Seeing as we haven't managed this in the real world, I'm not holding my breath. It should be easier in a game, but the more complex the world, the harder it's going to be, and I'm guessing they're getting more complex.
The rats were shown the maze beforehand and were getting sweetened condensed milk, something like 10% fat, but 50% sugar/carbs so to be honest I don't know how it would affect their appetite. I just read TFA, not the full study - they could have mentioned this but it seems a fairly major factor left to be left unexplored.
No-one seems to have spotted the fact that the rats who were being fed fatty food may have had less motivation for completing the maze, given that the reward was more food. Am I missing something or is this entire study invalid?
I'm still confused over how he's going to excise the homosexuality from the script. The book is terrific, but a great deal of the plot covers alterations in social mores, sexuality in particular. I suppose that angle could be covered in other ways, but it's certainly going to be nothing like the book.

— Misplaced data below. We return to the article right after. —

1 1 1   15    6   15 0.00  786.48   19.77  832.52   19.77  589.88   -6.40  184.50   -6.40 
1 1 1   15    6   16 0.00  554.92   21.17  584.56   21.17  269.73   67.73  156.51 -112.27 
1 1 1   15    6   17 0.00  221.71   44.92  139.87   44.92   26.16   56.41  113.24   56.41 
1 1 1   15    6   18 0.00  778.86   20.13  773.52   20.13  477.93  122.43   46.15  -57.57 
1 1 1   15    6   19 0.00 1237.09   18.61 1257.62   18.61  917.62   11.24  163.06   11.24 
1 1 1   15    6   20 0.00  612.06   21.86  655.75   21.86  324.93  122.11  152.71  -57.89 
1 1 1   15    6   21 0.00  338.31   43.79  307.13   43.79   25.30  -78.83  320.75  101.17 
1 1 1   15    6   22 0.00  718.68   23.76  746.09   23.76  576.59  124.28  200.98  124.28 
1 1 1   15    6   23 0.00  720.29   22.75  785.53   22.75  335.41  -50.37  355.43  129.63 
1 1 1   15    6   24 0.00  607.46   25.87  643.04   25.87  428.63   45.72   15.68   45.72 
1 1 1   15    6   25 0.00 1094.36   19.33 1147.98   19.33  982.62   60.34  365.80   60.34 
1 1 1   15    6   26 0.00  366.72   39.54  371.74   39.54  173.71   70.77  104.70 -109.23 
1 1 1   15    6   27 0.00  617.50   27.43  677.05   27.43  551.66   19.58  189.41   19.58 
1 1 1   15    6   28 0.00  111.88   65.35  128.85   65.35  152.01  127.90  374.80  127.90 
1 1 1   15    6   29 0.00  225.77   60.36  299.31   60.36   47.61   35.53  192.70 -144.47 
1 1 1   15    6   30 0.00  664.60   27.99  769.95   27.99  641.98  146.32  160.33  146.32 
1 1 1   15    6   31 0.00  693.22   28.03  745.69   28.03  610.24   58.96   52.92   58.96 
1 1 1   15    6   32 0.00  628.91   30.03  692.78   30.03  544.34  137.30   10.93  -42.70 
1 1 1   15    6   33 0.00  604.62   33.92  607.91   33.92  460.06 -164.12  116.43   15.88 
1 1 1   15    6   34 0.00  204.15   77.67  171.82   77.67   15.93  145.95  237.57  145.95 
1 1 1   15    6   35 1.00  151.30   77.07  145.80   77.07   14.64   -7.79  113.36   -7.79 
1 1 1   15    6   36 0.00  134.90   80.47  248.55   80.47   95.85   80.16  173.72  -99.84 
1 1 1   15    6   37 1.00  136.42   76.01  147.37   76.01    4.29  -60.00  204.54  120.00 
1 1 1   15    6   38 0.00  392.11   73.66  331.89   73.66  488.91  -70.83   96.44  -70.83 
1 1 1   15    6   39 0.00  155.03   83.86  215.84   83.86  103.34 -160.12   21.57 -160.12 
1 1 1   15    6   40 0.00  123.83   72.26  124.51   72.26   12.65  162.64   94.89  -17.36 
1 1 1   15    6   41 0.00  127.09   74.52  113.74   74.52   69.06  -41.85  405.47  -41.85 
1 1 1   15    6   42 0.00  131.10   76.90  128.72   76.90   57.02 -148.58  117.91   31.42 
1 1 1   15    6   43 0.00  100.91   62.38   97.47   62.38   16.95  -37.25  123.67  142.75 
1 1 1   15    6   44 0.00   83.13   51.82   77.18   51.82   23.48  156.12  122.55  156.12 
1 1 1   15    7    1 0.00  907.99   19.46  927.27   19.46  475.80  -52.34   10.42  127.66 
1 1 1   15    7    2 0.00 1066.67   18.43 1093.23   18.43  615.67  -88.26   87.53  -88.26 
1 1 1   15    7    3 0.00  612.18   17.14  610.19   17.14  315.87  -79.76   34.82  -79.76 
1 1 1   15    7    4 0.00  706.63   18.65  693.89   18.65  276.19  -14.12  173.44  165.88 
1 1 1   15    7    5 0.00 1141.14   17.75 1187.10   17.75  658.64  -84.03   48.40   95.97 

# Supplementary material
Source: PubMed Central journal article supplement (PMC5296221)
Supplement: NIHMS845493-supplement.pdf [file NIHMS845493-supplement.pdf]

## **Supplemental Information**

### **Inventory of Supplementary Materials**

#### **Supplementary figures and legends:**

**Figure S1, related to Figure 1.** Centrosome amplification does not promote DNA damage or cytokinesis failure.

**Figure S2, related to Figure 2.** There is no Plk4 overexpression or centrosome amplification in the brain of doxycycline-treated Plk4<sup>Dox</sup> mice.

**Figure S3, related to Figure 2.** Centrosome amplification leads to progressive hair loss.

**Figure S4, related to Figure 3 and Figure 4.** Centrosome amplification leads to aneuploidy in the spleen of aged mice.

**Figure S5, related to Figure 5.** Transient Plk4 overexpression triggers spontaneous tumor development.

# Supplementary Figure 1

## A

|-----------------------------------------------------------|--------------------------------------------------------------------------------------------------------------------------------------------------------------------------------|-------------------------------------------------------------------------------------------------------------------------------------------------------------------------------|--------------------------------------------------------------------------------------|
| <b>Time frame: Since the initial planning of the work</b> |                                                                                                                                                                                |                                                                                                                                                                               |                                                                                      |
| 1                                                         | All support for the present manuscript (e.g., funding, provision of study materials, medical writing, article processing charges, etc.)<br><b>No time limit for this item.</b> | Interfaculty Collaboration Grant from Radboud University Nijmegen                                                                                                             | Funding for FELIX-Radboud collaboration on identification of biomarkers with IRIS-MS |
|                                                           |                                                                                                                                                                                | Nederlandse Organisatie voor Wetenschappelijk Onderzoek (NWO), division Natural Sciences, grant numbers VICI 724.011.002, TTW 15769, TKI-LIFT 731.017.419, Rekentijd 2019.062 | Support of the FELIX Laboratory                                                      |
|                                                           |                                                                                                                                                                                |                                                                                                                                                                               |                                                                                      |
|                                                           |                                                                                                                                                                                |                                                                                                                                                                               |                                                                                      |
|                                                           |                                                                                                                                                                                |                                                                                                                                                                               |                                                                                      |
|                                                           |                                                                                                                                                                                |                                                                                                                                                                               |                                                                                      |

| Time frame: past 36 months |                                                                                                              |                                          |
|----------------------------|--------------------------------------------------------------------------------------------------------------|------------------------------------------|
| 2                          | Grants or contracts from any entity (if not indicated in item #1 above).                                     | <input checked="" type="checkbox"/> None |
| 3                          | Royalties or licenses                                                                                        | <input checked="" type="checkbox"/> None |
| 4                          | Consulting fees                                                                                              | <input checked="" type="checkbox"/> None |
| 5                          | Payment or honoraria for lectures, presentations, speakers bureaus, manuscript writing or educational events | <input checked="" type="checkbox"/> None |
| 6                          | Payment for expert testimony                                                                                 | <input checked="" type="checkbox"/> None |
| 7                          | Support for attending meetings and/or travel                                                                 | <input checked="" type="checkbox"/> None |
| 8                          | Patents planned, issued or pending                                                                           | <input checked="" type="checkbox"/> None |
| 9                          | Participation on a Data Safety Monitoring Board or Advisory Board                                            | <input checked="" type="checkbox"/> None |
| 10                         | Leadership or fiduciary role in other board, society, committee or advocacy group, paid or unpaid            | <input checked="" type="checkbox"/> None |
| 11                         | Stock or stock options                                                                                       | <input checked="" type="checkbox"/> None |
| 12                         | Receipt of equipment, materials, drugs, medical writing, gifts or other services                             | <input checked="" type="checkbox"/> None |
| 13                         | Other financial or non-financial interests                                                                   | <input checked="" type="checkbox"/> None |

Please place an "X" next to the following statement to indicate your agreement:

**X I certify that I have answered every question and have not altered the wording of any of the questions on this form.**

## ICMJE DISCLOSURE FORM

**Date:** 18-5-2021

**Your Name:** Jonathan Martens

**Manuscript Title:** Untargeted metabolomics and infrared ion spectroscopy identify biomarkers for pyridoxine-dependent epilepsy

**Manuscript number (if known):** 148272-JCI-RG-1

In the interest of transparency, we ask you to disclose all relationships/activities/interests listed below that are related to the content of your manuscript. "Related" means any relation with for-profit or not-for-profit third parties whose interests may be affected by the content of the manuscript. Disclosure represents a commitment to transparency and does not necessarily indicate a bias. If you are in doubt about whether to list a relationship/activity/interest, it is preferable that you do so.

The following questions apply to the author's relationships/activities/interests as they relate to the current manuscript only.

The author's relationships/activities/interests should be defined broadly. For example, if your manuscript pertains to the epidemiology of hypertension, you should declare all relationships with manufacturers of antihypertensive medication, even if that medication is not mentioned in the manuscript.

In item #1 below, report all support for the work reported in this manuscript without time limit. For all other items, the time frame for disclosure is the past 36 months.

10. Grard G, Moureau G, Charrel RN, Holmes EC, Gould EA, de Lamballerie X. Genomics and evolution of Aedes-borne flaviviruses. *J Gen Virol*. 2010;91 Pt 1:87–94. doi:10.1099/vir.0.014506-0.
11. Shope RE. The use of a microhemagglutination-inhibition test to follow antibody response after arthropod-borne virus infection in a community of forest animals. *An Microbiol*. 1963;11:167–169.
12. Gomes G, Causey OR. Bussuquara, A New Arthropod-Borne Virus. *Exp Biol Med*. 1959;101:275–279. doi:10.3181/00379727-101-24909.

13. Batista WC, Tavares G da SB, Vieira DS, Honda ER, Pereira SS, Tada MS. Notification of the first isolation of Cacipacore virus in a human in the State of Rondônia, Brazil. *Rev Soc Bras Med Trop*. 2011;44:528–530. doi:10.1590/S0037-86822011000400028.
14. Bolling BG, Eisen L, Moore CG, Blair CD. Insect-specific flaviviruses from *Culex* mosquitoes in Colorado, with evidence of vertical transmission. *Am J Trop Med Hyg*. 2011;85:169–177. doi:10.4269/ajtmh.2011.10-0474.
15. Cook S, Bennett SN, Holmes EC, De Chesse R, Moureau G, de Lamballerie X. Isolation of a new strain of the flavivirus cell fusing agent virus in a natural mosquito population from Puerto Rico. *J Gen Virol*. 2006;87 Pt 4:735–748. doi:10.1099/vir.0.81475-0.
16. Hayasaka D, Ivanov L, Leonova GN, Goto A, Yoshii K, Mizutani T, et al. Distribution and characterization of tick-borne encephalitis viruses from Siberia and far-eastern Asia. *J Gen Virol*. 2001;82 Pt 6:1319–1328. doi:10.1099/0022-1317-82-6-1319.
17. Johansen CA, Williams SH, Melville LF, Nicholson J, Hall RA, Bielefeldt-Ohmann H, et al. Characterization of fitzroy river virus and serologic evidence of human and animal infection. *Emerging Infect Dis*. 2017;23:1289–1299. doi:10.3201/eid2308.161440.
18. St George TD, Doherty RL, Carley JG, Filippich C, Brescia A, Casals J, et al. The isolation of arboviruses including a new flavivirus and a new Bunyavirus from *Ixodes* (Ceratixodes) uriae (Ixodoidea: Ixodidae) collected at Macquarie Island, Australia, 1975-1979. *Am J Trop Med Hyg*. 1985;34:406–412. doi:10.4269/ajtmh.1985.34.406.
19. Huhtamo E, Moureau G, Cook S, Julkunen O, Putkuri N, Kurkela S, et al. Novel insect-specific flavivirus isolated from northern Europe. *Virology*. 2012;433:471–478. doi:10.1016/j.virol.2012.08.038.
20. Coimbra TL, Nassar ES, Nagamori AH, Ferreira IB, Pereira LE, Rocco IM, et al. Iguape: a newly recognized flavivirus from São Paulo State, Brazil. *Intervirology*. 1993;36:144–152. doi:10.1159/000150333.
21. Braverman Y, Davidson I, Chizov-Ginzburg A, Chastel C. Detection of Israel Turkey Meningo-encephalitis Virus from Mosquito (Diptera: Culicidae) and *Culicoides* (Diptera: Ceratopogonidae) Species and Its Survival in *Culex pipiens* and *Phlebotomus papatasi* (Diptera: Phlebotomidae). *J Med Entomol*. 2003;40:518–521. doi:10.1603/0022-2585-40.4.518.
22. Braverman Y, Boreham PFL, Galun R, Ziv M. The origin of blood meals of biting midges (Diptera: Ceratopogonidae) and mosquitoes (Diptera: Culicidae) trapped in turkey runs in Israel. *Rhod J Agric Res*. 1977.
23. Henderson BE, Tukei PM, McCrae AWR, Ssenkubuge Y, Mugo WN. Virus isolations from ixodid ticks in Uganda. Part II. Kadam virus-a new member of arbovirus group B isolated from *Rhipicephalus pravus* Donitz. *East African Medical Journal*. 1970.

On the other hand, I can't imagine whichever studio is behind this allowing him to leave it all in, intact. Wouldn't appeal to their target market.
There's not a great difference between that and the way that papers will alter their headlines based on stories that are popular with other papers.
And the papers are probably using google's various tools to do similar things. At the end of the day, it's public information. News broadcasters do the same thing when deciding which stories to run with.
from the i-ain't-'fraid-of-no-ghost dept.
Ars Technica takes a look at the development of the Ghostbusters game due out later this year. They go through the promising early demonstrations, the subsequent relegation to developmental limbo, and the project's eventual resurrection. Quoting:
"Everyone involved with the game was extremely enthusiastic about its progress, as evidenced both by Sierra's heavy promotion of the title, as well as by how genuinely excited a number of the company's PR team were about it. Now, it isn't all that uncommon to talk with PR folk and be fed a line about how great whatever product they're promoting is, but even after several hours of drinking copious amounts of alcohol, the enthusiasm never waned; this definitely wasn't the case when we discussed some of the other titles that had been on display during the day's event. Even the members of the press corps, as we huddled together and compared notes, generally agreed that Ghostbusters had been the most impressive thing we'd gotten to see at the event. All in all, it looked like Sierra was going to deliver a game that finally gave the Ghostbusters franchise the respect it deserved, and none of us could wait to get our hands on it."